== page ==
Fairfax Media and Nine Entertainment have announced plans to merge by the end of 2018 to create Australia's largest integrated media player.
The combined company, to be led by Nine chief executive Hugh Marks, will include Nine's free-to-air television network, Fairfax's mastheads including The Sydney Morning Herald and The Age, a suite of digital assets including property listings portal Domain, subscription video platform Stan and 9Now, and Fairfax's radio interests through Macquarie Media.
Under the proposal, Fairfax shareholders will receive 0.3627 Nine shares and $0.025 cash for each Fairfax share, implying a 21 per cent premium to Fairfax's closing price on Wednesday. Once the deal is completed, Nine shareholders will hold 51.1 per cent of the combined company, with Fairfax shareholders owning the remaining 48.9 per cent.
Fairfax directors will recommend shareholders vote in favour of the scheme in the absence of a superior proposal.
“The proposed transaction for Fairfax reflects the success of Fairfax’s transformation strategy, which has created value for shareholders through targeted investment in high growth businesses, such as Domain and Stan, and prudent management of our media assets," Fairfax chief executive Greg Hywood said.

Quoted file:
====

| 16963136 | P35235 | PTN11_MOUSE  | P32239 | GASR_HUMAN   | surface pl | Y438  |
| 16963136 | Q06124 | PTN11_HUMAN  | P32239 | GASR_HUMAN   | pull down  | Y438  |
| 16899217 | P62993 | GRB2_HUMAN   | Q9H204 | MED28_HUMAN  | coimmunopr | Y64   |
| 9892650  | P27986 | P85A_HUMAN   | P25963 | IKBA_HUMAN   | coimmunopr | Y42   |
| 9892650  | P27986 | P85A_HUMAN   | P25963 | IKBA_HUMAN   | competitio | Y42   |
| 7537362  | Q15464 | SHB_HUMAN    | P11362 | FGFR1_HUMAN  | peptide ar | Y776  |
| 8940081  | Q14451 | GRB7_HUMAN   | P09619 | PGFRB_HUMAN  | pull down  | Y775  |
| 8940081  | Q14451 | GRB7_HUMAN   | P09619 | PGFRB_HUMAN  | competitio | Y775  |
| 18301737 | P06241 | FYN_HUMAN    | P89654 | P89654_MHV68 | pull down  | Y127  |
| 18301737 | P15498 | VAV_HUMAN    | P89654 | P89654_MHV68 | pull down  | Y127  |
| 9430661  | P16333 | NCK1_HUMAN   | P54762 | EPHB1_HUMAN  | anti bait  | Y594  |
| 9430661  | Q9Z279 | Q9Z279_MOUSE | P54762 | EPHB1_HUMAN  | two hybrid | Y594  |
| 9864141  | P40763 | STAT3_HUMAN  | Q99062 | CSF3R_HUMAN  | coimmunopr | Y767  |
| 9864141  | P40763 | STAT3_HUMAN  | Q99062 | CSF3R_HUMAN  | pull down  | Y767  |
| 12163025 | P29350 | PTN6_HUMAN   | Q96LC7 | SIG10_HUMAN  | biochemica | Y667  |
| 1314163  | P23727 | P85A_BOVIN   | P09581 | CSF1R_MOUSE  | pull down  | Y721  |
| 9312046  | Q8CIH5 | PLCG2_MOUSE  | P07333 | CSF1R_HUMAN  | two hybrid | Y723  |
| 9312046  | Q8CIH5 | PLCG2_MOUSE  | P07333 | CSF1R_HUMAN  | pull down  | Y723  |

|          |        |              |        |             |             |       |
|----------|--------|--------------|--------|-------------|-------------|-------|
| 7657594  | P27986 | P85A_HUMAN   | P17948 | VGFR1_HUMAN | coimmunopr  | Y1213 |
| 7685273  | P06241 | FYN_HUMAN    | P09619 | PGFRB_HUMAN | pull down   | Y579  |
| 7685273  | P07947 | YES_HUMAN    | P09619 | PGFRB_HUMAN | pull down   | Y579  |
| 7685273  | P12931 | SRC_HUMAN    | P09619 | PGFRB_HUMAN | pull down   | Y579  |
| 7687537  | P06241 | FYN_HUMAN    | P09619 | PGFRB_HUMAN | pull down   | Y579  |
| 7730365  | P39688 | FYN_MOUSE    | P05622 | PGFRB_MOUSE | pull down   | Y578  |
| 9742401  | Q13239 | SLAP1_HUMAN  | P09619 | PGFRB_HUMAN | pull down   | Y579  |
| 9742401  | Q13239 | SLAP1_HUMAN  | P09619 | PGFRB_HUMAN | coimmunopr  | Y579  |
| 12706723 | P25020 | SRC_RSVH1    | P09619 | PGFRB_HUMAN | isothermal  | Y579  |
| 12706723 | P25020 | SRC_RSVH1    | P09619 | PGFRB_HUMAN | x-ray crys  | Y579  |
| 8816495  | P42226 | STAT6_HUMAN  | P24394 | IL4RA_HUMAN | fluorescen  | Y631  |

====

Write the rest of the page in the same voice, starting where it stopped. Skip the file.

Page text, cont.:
"The combination with Nine provides an exciting opportunity to continue to drive incremental value well into the future.”
Mr Marks said in a statement the merger would "add another dimension, creating a unique, all-platform, media business that will reach more than half of Australia each day through television, online, print and radio".
"For our audiences and employees, this means we will continue to be able to invest in premium local content across news, sport, entertainment and lifestyle," he said, noting agency partners and advertisers would be given access to a bigger marketing platform.
"For our shareholders, the merged business will generate an increasing percentage of its earnings from high growth digital businesses that provide a compelling opportunity to generate both incremental value and cash flow into the future."
Nine chairman Peter Costello said in a statement that both Nine and Fairfax had played "an important role in shaping the Australian media landscape over many years".
"The combination of our businesses and our people best positions us to deliver new opportunities and innovations for our shareholders, staff and all Australians in the years ahead," Mr Costello said.
Fairfax chairman Nick Falloon said the deal represented "compelling value" for shareholders, allowing them to "maintain their exposure to Fairfax's growing businesses whilst also participating in the combination benefits with Nine".
Three Fairfax directors will join the board of the new company, to be chaired by Mr Costello, with another two current directors from Nine.
Fairfax Media, which publishes the Illawarra Mercury, The Sydney Morning Herald and The Age, is the owner of this website.
More to come